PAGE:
New Zealand architectural mesh company Kaynemaile™ won the Best Architectural Product at the NYCxDesign Awards announced during the NYCxDesign Festival last year. The award was accepted by Kayne Horsham, inventor of Kaynemaile, a revolutionary polycarbonate architectural mesh for building exteriors and interiors.
Kaynemaile collaborated with American kinetic sculptor Ned Khan on a striking public art installation called #WaveNewYork designed using the seamless polycarbonate architectural mesh invented by Horsham. The 4.25-metre high, 40-square-metre walkthrough ‘touch and see’ experiential installation was exhibited as a centrepiece for the NYCxDesign Festival at the Times Square in New York. The one million interlocking rings forming the installation were created using Kaynemaile’s liquid state manufacturing process at their Petone, Wellington design studio and factory.
The polycarbonate architectural mesh invented by Horsham in 2007 is based on a patented award-winning technology that creates interlocked seamless mesh rings without any joins or gaps. Horsham began experimenting with the mesh while working as an Artistic Director of Creatures, Armor and Weapons at Weta Workshop. He worked closely with director Peter Jackson for four years, fabricating the costumes of the Academy Award-winning The Lord of the Rings trilogy.
Kayne Horsham, CEO of Kaynemaile said, “We’re honoured to be in the heart of New York bringing the freedom and joy embodied in our design to over a million New Yorkers and visitors from throughout America and the world in Times Square.
“New York and New Zealand are global centres of innovation and leaders in design. The NYCxDesign Award for Best Architectural Product perfectly supports our U.S. market entry.”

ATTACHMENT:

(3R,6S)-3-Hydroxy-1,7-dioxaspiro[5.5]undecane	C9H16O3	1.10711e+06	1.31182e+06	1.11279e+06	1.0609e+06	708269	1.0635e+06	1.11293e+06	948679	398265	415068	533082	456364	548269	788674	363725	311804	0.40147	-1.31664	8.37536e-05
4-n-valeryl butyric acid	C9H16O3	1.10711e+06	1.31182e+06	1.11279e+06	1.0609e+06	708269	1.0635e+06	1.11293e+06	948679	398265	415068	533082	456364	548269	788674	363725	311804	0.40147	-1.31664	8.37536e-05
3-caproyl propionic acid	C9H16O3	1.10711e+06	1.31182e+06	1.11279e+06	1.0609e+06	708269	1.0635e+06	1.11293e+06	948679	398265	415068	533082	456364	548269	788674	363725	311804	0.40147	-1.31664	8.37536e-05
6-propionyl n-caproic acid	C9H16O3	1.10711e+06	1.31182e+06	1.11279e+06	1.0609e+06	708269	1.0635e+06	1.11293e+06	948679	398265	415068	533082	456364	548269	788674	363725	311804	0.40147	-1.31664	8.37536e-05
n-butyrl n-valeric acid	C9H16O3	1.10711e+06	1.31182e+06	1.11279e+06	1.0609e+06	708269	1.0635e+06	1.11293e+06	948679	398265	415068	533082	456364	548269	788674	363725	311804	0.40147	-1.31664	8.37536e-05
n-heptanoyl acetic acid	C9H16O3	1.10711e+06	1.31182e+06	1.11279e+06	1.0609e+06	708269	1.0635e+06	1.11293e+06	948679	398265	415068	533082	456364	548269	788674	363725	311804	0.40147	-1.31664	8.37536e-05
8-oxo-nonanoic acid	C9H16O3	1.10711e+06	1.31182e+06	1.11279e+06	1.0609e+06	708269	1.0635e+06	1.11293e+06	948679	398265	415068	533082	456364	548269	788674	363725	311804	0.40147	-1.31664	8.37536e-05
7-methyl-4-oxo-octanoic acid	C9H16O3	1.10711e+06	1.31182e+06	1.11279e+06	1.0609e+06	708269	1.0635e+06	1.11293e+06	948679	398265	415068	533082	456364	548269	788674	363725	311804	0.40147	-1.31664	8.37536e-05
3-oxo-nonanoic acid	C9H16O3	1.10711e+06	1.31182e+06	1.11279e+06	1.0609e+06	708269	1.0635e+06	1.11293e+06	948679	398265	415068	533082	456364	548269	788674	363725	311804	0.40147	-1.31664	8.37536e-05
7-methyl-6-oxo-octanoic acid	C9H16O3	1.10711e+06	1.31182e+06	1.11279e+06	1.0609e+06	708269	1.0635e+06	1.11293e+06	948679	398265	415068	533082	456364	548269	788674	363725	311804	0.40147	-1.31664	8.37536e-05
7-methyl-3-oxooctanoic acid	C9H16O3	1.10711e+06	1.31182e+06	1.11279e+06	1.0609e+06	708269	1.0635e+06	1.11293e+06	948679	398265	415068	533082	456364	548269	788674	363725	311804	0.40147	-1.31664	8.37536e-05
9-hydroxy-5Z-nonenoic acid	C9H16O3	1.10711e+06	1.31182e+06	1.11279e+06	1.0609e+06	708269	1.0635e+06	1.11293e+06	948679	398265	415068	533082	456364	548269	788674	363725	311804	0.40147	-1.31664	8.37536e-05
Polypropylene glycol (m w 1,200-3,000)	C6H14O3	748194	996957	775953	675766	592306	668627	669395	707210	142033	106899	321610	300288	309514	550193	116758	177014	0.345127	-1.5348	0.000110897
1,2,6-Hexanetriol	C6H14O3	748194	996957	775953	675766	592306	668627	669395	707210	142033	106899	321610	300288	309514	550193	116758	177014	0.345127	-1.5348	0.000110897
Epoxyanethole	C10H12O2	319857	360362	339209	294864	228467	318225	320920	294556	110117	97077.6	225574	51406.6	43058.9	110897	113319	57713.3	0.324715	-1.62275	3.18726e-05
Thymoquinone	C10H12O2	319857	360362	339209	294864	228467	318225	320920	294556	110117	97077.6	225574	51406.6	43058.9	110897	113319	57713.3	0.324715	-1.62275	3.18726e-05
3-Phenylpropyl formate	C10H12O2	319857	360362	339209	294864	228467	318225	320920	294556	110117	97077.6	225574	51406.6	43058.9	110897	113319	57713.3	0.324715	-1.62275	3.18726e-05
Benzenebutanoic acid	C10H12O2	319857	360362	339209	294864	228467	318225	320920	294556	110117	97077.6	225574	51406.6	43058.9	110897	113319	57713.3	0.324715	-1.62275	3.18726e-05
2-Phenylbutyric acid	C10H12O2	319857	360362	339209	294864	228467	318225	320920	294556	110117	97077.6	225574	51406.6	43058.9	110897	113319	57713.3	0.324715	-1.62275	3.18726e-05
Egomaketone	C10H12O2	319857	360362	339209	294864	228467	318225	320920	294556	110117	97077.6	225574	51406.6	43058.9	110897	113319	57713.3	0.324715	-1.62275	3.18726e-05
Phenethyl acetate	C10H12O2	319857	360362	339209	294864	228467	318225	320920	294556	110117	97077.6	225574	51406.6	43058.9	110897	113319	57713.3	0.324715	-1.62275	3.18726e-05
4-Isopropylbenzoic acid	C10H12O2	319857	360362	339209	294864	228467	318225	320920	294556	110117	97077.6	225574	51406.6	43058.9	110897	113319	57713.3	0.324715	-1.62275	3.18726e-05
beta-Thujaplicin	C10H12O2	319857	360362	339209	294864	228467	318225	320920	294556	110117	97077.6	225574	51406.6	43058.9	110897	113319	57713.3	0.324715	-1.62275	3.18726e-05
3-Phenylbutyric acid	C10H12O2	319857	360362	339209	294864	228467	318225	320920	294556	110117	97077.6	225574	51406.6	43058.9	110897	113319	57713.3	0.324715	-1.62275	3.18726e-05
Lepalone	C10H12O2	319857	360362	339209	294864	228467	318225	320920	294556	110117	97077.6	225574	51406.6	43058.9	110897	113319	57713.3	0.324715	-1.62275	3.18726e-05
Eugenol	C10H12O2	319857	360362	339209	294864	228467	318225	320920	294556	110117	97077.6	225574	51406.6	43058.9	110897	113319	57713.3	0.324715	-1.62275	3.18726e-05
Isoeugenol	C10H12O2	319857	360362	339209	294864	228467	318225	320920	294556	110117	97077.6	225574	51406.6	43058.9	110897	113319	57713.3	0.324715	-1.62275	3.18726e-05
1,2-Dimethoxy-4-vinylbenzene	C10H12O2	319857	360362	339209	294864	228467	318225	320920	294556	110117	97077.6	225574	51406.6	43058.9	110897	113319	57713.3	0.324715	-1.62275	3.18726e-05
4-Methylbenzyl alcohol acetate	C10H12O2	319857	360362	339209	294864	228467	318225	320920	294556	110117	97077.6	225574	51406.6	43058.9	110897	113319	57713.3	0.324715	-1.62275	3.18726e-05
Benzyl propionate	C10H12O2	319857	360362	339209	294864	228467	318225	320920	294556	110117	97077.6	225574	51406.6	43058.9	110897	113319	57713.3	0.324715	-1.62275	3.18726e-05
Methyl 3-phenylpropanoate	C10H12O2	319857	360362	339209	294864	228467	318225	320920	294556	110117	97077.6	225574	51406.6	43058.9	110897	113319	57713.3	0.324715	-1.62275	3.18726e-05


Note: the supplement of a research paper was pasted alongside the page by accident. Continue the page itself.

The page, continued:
The patented interlocking mesh rings reimagine the 2000-year-old chainmail and can be used for a variety of architectural structures including large scale building and carpark wraps, shading for rain, wind and sun, airport security screens, hotel ceiling systems, university walkways, office partitions, lighting fixtures and kinetic art installations. Kaynemaile has been installed worldwide by building owners, developers, transit authorities, corporate offices, and shopping centres.
Kaynemaile’s mesh is made from the same material used to manufacture F16 fighter jet cockpits, astronaut helmets, and aircraft windows. Stronger and lighter than glass, Kaynemaile responds to lighting extremely well, making Times Square an ideal location for the dramatic installation.
Ilene Shaw, director and curator of NYCxDesign, added: “#WaveNewYork by Kaynemaile is a highly visible and vibrant focus of the Times Square Design Pavilion. The material is beautiful, the installation design is playful and interactive, and the concept has pure innovation at its core. It’s an honour to have Kaynemaile at Design Pavilion 2017.”